As for Wi-Fi, the Sony A7R has built-in Wi-Fi capabilities like all other A7-series cameras and allows transferring pictures directly to a smart phone or a computer. You can set the camera up as a wireless access point and once you install Sony’s PlayMemories app and connect, transferring and sharing photos is very simple. I have been connecting my iPhone with the A7R and transfer images effortlessly. I am glad that Sony has been pushing Wi-Fi into its cameras, because it challenged Nikon and Canon to do the same. Being able to take pictures and share them immediately should be a built-in feature in every digital camera.
Let’s see how the camera does in ISO performance and how it compares to others.
11) ISO Performance at low ISOs (ISO 100-800)
Some Technical Info:
- White Balance: Custom
- Tested with: Sony 35mm f/2.8 lens
- Aperture: f/5.6
- Manual Focus
- DRO: Off
- Long exposure NR: Off
- High ISO HR: Off
- Image Format: RAW
- Lightroom export: sRGB JPEG Quality 80
- EXIF information is preserved in the images
Let’s take a look at how the Sony A7R performs at low ISOs. Here are some 100% crops at ISO 100, 200, 400 and 800:
As expected, images look very clean and low ISOs – there is very little difference between ISO 100 and 800.
12) High ISO Performance (ISO 1600-25600)
Let’s see what happens when ISO is boosted to much higher levels:
As expected, ISO 1600 adds some noise, particularly in the shadow areas. ISO 3200 doubles that noise. Detail is still quite good though and colors are not lost.
As ISO is pushed further up to 6400, there is now plenty of noise in the image. There is some loss of details and colors throughout the image. At ISO 12800 lots of detail is lost and the colors are not looking good either. This is already beyond my comfort level, even if I have to down-sample.
Lastly, ISO 25600 is just unusable mess. Small details are completely gone, lots of colors are lost and everything looks too mushy and noisy.
It is hard to say how good the performance is without direct comparisons. Let’s see how it fares against other cameras.
13) Sony A7R vs Sony A7
Let’s take a look at how the A7R compares to its 24 MP counterpart, the A7. For this and all the below tests, I down-sampled Sony A7R images to approximately 16 MP (Left: Sony A7R, Right: Sony A7):
At low ISOs, there is practically no difference between the two cameras.
I cannot see much difference at ISO 1600 and 3200 as well – both cameras perform admirably.
At ISO 6400 the A7R shows a little more noise at pixel level, but because the image is down-sampled so much the grain actually appears finer in comparison.
Both cameras suffer pretty badly at ISO 12800, but the A7 appears a bit worse in comparison.
And ISO 25600 is downright unusable on both cameras, with the A7R edging the A7 out a little in noise.
14) Sony A7R vs Nikon D800E
And here is the comparison of the Sony A7R with the Nikon D800E, which also has a high-resolution 36 MP sensor:
Once again, there is practically no difference at low ISOs.
ISO 1600 looks pretty similar as well.
The same goes for ISO 3200.
At ISO 6400 the Nikon D800E looks a tad better, particularly at retaining some shadow details.
And at ISO 12800, the D800E seems to retain a tad more colors and details as well, but the difference is very small.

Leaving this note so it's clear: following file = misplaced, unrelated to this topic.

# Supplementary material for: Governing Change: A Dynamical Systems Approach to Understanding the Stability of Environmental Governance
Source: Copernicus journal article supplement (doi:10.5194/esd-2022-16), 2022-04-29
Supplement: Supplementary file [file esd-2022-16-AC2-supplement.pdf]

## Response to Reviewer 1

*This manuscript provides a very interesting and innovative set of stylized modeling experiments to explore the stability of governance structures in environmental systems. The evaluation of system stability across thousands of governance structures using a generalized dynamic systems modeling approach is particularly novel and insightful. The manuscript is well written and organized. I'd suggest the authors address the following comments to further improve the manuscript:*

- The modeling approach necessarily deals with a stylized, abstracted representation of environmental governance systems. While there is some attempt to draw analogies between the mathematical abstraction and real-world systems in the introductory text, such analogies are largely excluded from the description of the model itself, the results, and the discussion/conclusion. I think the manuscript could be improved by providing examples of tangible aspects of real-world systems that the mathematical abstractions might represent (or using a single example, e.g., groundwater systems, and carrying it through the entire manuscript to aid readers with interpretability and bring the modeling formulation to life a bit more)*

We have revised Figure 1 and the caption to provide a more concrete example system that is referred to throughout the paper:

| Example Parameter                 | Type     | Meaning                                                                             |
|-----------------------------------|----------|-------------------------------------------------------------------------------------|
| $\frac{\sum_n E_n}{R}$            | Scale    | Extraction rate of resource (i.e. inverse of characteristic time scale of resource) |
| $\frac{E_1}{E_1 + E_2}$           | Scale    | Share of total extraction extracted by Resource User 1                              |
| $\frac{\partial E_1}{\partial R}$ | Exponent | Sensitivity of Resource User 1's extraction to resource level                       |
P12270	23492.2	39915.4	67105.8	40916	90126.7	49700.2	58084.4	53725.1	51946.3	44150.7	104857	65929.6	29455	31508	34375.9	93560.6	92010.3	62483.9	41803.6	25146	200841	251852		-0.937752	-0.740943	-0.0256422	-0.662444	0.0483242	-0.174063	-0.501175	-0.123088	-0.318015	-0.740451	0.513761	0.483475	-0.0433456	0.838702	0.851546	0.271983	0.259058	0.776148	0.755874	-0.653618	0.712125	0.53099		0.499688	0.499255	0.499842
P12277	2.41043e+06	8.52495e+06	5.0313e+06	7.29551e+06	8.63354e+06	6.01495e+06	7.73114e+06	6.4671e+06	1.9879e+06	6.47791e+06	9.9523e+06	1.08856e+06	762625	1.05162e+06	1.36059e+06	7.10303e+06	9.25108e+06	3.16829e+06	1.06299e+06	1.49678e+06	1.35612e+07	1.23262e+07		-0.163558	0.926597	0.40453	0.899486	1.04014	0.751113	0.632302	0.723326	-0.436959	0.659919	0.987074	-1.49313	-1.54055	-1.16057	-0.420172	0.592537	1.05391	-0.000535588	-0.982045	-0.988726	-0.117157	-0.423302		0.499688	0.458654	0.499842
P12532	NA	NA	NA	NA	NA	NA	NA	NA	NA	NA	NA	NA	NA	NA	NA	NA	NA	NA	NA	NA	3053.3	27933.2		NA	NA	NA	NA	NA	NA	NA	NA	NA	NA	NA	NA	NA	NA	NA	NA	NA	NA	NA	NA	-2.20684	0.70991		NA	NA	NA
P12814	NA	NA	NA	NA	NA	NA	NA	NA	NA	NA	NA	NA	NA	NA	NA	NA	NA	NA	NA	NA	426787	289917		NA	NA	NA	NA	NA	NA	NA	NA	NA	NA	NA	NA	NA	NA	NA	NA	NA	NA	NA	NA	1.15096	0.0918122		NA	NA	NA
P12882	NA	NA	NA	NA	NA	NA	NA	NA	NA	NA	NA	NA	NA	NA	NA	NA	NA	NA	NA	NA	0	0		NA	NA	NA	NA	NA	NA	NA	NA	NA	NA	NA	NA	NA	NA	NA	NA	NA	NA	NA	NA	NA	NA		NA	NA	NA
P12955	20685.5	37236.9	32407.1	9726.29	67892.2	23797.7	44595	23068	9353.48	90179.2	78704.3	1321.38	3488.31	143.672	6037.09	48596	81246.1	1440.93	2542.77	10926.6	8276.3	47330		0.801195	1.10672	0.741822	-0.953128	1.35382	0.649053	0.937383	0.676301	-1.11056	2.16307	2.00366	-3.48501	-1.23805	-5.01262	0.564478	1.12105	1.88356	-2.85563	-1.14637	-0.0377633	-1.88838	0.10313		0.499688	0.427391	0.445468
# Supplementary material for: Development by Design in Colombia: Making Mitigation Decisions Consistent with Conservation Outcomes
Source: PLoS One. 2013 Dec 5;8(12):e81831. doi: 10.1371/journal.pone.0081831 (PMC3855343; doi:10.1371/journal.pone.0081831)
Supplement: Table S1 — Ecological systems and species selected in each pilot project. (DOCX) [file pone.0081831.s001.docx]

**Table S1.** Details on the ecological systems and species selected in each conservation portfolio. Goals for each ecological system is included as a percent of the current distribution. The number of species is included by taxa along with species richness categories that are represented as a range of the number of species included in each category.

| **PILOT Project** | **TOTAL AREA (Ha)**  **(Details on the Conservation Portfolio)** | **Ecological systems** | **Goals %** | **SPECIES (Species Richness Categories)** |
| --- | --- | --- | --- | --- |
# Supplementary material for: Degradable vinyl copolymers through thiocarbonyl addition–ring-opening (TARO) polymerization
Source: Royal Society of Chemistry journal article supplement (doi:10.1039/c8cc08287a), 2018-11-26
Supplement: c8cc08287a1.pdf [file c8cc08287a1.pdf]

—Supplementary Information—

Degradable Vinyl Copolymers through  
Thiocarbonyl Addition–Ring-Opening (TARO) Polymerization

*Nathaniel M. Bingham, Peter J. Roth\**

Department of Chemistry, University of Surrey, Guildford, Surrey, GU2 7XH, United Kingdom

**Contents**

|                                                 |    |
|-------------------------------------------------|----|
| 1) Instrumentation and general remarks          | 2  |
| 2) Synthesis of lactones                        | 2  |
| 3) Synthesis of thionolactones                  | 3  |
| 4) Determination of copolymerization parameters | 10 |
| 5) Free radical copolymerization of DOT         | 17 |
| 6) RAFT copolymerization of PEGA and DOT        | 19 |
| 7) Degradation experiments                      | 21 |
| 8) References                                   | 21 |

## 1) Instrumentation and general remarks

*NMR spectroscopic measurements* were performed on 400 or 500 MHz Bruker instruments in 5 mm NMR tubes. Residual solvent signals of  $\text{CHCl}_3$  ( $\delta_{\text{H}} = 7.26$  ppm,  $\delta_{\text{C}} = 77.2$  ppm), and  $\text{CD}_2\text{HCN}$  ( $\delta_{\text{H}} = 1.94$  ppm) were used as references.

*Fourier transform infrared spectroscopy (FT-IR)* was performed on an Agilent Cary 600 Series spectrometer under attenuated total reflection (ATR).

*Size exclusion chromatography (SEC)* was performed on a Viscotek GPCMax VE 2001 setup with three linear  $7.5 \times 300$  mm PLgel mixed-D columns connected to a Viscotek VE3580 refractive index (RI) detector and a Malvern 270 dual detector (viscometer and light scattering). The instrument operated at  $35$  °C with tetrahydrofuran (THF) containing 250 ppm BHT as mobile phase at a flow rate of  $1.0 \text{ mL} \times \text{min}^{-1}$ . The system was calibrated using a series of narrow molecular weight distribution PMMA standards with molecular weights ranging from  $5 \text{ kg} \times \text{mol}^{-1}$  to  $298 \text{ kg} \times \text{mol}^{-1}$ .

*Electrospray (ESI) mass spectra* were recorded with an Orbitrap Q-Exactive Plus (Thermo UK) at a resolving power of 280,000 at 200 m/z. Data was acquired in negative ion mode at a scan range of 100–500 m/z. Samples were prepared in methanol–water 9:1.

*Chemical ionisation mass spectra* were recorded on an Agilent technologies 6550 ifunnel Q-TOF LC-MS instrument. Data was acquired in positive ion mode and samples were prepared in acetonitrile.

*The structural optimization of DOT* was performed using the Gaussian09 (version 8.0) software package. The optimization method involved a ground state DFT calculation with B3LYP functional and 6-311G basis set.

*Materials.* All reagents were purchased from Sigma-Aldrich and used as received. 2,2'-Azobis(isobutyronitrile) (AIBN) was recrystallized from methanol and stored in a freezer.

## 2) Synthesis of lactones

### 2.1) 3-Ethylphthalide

At ISO 25600, which is unusable on both cameras, the D800E shows better overall performance.
15) Sony A7R Comparison Summary
As you can see from the above comparisons, the Sony A7R has pretty amazing performance in terms of noise. It does very well at low ISOs and when down-sampled, even high ISO images are really clean all the way to ISO 3200. Past ISO 3200 is where things get noisier than my comfort level, but if you do a good job with the exposure and you down-sample to lower resolution, images at ISO 6400 can be usable as well.
When compared to the A7, the A7R does really well and when compared to the D800E, there is practically no difference in performance, except when pushing really high ISO levels beyond ISO 6400. That’s where the D800E edges the A7R a little bit in noise and dynamic range performance. But that really does not matter, as you would rarely ever use such high ISOs anyway.
The Sony A7R is a camera that I really wanted to like. With its lightweight construction, excellent high-resolution 36 MP sensor, superb technology (like EVF, live histograms / information overlay, focus peaking, etc), excellent manual focus operation and ability to use a myriad of different lenses via adapters, the A7R has a lot to offer. At the same time, Sony crippled the potential performance of the camera by limiting RAW capture to 11+7 bit lossy compression and even worse, did not incorporate Electronic Front Curtain Shutter (EFCS) into the camera’s design/firmware, which is the main reason why I cannot recommend it to any of our readers. As I have demonstrated in this review, the shutter shock exhibited by the camera is significant and can drastically impact images at different shutter speeds, depending on what lens / focal length is being used. I have a number of images that turned out to be blurry and unusable – something I painfully found out later on when viewing images on my computer. In my opinion, it is a major oversight on behalf of Sony, for which there is no practical solution. Considering that the A7R is a lightweight camera, Sony should have both dampened the shutter mechanism (the shutter is really loud when compared to other cameras!) and incorporated EFCS, so that the shutter does not become the cause of camera shake.
If Sony addressed the shutter shock issue, took care of the lossy compression and used larger capacity batteries, I would welcome the Sony A7-series cameras into my list of recommended gear. For now, I am anxiously waiting for the Sony A7R II, which I really hope will be my next mirrorless camera of choice, provided it addresses these issues and especially if it incorporates IBIS.
17) Where to buy and availability
B&H is currently selling the Sony A7R (body only) for $1,898 (as of 05/08/2015).
18) More Image Samples
- Build Quality
- Manual Focus
- Image Quality
- High ISO Performance
- Size and Weight
- Metering and Exposure
- Movie Recording Features
- Dynamic Range
- Speed and Performance
Photography Life Overall Rating